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Setting the Course: A Strategic Vision for Immunization, Part 2 Summary of the Austin Workshop SETTING THE COURSE A STRATEGIC VISION FOR IMMUNIZATION PART 2 SUMMARY OF THE AUSTIN WORKSHOP Committee on the Immunization Finance Dissemination Workshops Division of Health Care Services INSTITUTE OF MEDICINE OF THE NATIONAL ACADEMIES THE NATIONAL ACADEMIES PRESS Washington, D.C. www.nap.edu
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Setting the Course: A Strategic Vision for Immunization, Part 2 Summary of the Austin Workshop THE NATIONAL ACADEMIES PRESS 500 Fifth Street, N.W. Washington, DC 20001 NOTICE: The project that is the subject of this report was approved by the Governing Board of the National Research Council, whose members are drawn from the councils of the National Academy of Sciences, the National Academy of Engineering, and the Institute of Medicine. The members of the committee responsible for the report were chosen for their special competences and with regard for appropriate balance. Support for this project was provided by the Centers for Disease Control and Prevention. The views presented in this report are those of the Institute of Medicine Committee on Immunization Finance Dissemination Workshops and are not necessarily those of the funding agencies. International Standard Book Number 0-309-08517-9 Additional copies of this report are available for sale from the National Academies Press, 500 Fifth Street, N.W., Box 285, Washington, DC 20055; (800) 624-6242 or (202) 334-3313 (in the Washington metropolitan area); Internet, http://www.nap.edu. For more information about the Institute of Medicine, visit the IOM home page at: www.iom.edu. Copyright 2002 by the National Academy of Sciences. All rights reserved. Printed in the United States of America. The serpent has been a symbol of long life, healing, and knowledge among almost all cultures and religions since the beginning of recorded history. The serpent adopted as a logotype by the Institute of Medicine is a relief carving from ancient Greece, now held by the Staatliche Museen in Berlin.
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Setting the Course: A Strategic Vision for Immunization, Part 2 Summary of the Austin Workshop “Knowing is not enough; we must apply. Willing is not enough; we must do.” —Goethe INSTITUTE OF MEDICINE Shaping the Future for Health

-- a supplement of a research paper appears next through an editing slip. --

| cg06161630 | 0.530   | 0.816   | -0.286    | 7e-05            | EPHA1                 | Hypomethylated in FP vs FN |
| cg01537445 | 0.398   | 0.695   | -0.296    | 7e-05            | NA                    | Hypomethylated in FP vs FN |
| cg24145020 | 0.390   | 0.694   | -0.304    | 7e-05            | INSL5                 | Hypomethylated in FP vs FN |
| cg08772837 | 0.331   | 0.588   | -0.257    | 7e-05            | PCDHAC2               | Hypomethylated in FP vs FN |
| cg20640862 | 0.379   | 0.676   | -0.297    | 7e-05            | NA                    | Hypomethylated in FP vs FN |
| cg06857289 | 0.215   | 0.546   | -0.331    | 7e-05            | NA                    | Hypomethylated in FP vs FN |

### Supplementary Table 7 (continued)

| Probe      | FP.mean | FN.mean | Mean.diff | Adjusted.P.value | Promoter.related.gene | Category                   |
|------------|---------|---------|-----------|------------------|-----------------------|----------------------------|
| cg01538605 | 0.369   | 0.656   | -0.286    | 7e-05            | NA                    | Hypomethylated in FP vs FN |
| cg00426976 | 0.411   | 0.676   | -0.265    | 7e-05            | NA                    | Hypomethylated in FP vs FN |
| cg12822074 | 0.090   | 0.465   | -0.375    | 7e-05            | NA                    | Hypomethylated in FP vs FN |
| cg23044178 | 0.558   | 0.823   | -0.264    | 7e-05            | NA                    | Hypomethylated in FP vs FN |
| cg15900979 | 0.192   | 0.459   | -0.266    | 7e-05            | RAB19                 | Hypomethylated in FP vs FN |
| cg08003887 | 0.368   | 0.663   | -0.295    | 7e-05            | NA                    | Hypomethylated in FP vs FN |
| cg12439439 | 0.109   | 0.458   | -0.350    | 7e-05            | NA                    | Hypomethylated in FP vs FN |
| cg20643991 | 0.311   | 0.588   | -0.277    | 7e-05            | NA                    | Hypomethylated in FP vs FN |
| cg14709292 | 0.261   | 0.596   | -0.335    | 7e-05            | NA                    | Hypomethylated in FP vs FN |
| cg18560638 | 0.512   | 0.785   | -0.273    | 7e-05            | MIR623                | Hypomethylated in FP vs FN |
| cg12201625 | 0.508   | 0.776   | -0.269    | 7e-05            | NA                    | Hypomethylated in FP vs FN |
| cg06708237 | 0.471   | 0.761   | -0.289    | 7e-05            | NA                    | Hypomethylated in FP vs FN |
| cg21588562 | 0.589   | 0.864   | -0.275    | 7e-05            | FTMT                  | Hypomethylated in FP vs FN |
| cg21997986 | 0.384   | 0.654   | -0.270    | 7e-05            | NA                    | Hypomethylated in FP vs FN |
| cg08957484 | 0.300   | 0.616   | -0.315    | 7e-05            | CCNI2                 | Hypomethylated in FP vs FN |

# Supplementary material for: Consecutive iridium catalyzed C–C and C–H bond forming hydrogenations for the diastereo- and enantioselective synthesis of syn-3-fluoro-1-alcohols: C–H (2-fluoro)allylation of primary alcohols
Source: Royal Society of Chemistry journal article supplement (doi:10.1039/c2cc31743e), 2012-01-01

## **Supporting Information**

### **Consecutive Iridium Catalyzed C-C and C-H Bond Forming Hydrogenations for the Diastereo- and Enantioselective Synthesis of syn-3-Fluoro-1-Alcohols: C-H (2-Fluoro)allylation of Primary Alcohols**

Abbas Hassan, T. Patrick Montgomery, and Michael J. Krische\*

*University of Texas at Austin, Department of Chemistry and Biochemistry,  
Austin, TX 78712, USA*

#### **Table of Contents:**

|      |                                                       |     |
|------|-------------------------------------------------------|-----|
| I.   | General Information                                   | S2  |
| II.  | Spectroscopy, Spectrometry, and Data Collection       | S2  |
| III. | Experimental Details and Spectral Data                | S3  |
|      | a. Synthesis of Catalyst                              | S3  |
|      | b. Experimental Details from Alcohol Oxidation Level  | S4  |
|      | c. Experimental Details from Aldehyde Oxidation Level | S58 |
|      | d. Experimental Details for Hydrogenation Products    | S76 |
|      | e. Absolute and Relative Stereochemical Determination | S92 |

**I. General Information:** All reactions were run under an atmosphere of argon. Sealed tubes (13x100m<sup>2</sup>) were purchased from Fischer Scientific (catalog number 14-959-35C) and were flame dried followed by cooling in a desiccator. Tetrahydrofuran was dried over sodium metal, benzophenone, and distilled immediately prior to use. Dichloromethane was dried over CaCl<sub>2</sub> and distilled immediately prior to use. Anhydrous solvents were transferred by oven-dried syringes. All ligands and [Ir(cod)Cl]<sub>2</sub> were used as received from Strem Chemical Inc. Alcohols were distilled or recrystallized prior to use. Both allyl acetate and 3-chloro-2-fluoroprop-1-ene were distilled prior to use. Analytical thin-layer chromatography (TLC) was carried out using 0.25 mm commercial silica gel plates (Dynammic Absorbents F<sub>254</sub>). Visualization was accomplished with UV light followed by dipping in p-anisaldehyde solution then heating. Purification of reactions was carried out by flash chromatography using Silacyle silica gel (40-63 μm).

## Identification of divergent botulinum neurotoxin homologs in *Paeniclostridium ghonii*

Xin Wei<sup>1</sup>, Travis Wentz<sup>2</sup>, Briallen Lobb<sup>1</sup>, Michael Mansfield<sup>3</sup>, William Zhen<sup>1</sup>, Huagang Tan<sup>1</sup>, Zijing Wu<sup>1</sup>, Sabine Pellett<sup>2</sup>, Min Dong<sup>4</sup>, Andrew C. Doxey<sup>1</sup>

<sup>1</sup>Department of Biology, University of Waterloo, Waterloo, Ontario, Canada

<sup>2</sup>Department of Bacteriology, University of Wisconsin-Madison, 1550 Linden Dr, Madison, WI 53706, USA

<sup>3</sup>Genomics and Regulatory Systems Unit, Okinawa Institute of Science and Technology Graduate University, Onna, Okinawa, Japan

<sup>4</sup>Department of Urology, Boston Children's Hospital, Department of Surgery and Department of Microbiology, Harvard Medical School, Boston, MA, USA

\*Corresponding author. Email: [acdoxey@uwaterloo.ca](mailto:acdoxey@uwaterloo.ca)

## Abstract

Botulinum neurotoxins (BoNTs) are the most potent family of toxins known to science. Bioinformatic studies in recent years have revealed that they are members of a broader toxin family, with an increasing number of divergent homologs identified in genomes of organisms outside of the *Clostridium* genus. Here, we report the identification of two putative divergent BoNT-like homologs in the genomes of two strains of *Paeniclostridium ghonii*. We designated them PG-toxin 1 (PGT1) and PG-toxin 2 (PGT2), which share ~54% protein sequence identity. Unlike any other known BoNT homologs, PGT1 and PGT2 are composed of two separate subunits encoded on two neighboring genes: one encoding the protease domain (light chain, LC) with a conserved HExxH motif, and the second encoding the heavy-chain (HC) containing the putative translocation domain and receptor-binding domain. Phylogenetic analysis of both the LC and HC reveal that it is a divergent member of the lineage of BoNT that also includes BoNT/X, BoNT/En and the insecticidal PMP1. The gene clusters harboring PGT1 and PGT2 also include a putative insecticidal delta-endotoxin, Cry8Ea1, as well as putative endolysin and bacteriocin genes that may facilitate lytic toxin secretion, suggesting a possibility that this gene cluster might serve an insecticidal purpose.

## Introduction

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Setting the Course: A Strategic Vision for Immunization, Part 2 Summary of the Austin Workshop THE NATIONAL ACADEMIES Advisers to the Nation on Science, Engineering, and Medicine The National Academy of Sciences is a private, nonprofit, self-perpetuating society of distinguished scholars engaged in scientific and engineering research, dedicated to the furtherance of science and technology and to their use for the general welfare. Upon the authority of the charter granted to it by the Congress in 1863, the Academy has a mandate that requires it to advise the federal government on scientific and technical matters. Dr. Bruce M. Alberts is president of the National Academy of Sciences. The National Academy of Engineering was established in 1964, under the charter of the National Academy of Sciences, as a parallel organization of outstanding engineers. It is autonomous in its administration and in the selection of its members, sharing with the National Academy of Sciences the responsibility for advising the federal government. The National Academy of Engineering also sponsors engineering programs aimed at meeting national needs, encourages education and research, and recognizes the superior achievements of engineers. Dr. Wm. A. Wulf is president of the National Academy of Engineering. The Institute of Medicine was established in 1970 by the National Academy of Sciences to secure the services of eminent members of appropriate professions in the examination of policy matters pertaining to the health of the public. The Institute acts under the responsibility given to the National Academy of Sciences by its congressional charter to be an adviser to the federal government and, upon its own initiative, to identify issues of medical care, research, and education. Dr. Harvey V. Fineberg is president of the Institute of Medicine. The National Research Council was organized by the National Academy of Sciences in 1916 to associate the broad community of science and technology with the Academy’s purposes of furthering knowledge and advising the federal government. Functioning in accordance with general policies determined by the Academy, the Council has become the principal operating agency of both the National Academy of Sciences and the National Academy of Engineering in providing services to the government, the public, and the scientific and engineering communities. The Council is administered jointly by both Academies and the Institute of Medicine. Dr. Bruce M. Alberts and Dr. Wm. A. Wulf are chair and vice chair, respectively, of the National Research Council. www.national-academies.org